Lisa Weiner-Mahfuz

Building Our Movement with Heart and Chutzpah

Filed By Lisa Weiner-Mahfuz | November 17, 2010 3:00 PM | comments

Filed in: Politics, Politics
Tags: Audre Lorde Project, LGBT rights, movement, racial justice, Southerners on New Ground

Movements are supposed to move. They are supposed to be nimble enough to respond to what is happening at the grassroots level. After all, it's been proven that change historically takes place from the bottom up not from the top down. So why, oh why, does our national LGBT Paul-Wellstone-quote.jpegmovement continue to operate as if change occurs at a national legislative and policy level?

Let me digress for a little history lesson that might help to put this question into perspective:

Bayard Rustin started doing racial justice organizing in the 1930's in the pacifist and labor movements. Over the course of 30 years he organized, built strategic coalitions and facilitated racial justice trainings throughout the country.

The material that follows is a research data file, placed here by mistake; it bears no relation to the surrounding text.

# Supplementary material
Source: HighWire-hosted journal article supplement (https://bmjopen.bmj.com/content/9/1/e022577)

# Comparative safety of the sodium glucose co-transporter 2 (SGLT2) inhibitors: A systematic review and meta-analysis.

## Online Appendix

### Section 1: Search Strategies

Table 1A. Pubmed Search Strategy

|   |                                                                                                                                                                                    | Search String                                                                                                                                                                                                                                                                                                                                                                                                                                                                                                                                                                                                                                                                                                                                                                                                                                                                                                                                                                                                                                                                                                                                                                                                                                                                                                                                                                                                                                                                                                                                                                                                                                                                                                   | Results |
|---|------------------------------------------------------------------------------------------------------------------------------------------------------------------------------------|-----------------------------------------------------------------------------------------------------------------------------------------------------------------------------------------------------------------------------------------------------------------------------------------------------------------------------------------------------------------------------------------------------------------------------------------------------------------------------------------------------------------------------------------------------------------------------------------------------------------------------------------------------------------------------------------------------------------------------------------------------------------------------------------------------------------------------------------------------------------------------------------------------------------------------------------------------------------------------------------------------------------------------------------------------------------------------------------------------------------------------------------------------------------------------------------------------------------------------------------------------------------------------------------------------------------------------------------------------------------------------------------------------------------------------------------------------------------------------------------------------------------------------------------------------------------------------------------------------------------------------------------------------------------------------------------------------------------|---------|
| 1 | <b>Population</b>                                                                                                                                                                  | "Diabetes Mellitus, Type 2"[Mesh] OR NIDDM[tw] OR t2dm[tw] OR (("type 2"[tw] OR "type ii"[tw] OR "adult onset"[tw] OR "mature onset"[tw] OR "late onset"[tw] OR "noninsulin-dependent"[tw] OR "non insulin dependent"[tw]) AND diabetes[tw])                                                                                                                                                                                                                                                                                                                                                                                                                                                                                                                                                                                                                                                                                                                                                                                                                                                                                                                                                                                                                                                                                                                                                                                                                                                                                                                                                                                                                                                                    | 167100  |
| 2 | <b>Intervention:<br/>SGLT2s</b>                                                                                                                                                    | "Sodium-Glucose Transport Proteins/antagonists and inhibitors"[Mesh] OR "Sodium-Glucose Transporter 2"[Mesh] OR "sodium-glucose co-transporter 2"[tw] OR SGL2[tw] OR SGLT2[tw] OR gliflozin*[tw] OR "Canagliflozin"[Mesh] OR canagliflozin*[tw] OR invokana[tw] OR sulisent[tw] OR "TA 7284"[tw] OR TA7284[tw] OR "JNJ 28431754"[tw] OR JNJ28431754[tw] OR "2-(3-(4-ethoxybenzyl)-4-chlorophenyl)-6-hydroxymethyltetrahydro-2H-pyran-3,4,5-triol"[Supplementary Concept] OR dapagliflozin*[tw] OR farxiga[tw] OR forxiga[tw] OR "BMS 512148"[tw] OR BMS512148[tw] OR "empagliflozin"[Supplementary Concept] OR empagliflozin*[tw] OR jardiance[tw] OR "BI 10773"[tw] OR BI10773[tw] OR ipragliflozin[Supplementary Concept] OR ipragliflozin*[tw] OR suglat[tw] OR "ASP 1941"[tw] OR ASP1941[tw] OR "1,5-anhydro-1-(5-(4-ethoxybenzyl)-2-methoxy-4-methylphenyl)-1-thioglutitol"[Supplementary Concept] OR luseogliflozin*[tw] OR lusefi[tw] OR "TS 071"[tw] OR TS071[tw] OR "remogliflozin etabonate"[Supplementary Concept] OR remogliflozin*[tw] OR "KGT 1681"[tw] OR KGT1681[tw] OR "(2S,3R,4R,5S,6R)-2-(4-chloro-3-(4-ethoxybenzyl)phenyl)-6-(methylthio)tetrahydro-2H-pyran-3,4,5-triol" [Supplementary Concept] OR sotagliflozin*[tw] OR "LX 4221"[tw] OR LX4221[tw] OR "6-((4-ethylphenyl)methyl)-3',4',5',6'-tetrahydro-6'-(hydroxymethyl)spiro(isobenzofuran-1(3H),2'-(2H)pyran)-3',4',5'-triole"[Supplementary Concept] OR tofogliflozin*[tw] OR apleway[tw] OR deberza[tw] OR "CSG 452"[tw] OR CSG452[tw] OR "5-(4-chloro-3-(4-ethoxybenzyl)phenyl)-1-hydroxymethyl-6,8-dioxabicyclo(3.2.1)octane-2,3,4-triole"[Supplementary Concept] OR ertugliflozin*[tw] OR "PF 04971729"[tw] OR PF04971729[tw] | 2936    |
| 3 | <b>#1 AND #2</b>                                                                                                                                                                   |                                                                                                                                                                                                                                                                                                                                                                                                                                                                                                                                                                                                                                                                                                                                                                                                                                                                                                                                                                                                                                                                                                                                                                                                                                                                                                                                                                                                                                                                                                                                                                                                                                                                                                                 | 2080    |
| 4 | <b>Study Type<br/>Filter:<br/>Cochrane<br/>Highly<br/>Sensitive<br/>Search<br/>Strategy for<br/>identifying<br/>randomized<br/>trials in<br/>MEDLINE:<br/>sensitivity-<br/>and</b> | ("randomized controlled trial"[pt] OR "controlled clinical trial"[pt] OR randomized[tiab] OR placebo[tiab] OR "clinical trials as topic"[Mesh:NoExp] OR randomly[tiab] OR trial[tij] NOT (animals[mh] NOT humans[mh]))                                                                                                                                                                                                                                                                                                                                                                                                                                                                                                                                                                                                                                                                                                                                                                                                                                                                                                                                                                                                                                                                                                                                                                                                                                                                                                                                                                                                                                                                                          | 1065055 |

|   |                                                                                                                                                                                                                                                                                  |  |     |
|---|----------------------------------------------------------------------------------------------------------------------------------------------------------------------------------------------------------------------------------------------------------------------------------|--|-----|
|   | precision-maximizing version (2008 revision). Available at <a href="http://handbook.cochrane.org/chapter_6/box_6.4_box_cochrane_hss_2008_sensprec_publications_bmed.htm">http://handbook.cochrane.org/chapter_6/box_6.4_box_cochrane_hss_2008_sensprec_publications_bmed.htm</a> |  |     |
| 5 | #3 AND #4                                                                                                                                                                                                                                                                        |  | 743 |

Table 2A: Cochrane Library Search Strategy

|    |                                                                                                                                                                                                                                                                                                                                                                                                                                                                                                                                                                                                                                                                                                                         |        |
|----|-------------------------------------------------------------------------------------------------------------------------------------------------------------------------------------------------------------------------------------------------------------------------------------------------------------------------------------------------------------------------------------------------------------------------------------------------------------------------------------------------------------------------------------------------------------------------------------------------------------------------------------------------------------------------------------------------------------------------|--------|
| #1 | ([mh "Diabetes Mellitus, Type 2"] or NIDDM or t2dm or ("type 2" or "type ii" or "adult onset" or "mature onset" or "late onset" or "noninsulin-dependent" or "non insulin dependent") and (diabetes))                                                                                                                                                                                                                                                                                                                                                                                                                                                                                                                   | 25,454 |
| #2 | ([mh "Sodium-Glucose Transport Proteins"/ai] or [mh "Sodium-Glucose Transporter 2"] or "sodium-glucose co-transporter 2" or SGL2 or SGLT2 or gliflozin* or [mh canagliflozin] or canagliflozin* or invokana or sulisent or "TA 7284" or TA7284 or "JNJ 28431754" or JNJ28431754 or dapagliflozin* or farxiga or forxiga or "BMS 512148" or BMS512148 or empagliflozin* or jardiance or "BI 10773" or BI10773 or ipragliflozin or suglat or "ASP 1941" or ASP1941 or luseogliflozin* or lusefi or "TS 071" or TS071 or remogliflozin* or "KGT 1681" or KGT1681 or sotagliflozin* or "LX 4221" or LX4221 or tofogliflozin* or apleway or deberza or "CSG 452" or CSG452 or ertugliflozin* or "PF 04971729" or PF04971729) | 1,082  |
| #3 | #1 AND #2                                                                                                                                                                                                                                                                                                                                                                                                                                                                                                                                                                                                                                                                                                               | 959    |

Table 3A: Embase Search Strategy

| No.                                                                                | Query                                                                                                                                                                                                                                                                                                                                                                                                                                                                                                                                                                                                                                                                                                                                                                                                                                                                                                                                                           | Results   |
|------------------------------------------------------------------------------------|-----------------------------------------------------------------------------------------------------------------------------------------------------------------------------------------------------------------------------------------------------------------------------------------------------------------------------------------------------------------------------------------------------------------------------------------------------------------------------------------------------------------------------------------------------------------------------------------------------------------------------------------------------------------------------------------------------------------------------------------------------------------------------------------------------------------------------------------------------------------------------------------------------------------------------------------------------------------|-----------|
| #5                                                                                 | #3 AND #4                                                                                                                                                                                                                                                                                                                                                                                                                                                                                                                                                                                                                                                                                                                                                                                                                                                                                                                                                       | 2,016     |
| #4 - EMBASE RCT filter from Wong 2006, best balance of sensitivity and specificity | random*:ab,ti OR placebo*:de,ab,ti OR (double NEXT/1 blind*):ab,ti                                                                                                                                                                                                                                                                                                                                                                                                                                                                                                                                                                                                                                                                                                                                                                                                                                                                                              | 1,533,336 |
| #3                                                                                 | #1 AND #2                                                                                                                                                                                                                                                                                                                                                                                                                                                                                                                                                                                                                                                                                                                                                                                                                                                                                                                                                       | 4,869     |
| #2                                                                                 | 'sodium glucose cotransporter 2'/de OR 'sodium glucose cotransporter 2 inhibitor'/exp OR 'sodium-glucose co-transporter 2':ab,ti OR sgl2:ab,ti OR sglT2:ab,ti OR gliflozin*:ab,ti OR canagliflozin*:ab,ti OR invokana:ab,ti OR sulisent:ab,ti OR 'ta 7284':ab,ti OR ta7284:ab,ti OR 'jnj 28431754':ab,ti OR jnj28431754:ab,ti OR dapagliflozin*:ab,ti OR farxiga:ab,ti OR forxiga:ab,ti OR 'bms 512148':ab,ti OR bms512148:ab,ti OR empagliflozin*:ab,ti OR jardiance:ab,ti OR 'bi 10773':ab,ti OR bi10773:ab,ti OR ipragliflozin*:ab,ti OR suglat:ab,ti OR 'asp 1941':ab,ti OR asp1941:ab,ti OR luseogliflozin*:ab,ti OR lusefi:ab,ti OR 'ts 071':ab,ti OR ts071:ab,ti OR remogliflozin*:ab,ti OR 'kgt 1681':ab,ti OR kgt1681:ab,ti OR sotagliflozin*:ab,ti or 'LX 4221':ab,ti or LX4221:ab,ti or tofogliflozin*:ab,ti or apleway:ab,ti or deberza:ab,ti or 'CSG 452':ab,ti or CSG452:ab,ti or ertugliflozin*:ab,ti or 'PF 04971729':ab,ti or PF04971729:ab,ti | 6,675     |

The insights he gained from his travels, training work, community conversations and organizing efforts eventually became the framework within which the Civil Rights Movement articulated its vision, organizing strategies and values. It took 30 years, but in 1964 Rustin was able to witness his life's work reach mass scope and scale as thousands upon thousands of people flooded onto the National Mall for the 1964 March on Washington.

Rustin spent decades doing what movement builders call base building. He strategically built coalitions and spread an uncompromising racial and economic justice world view across the country using training, leadership development and organizing as his tools.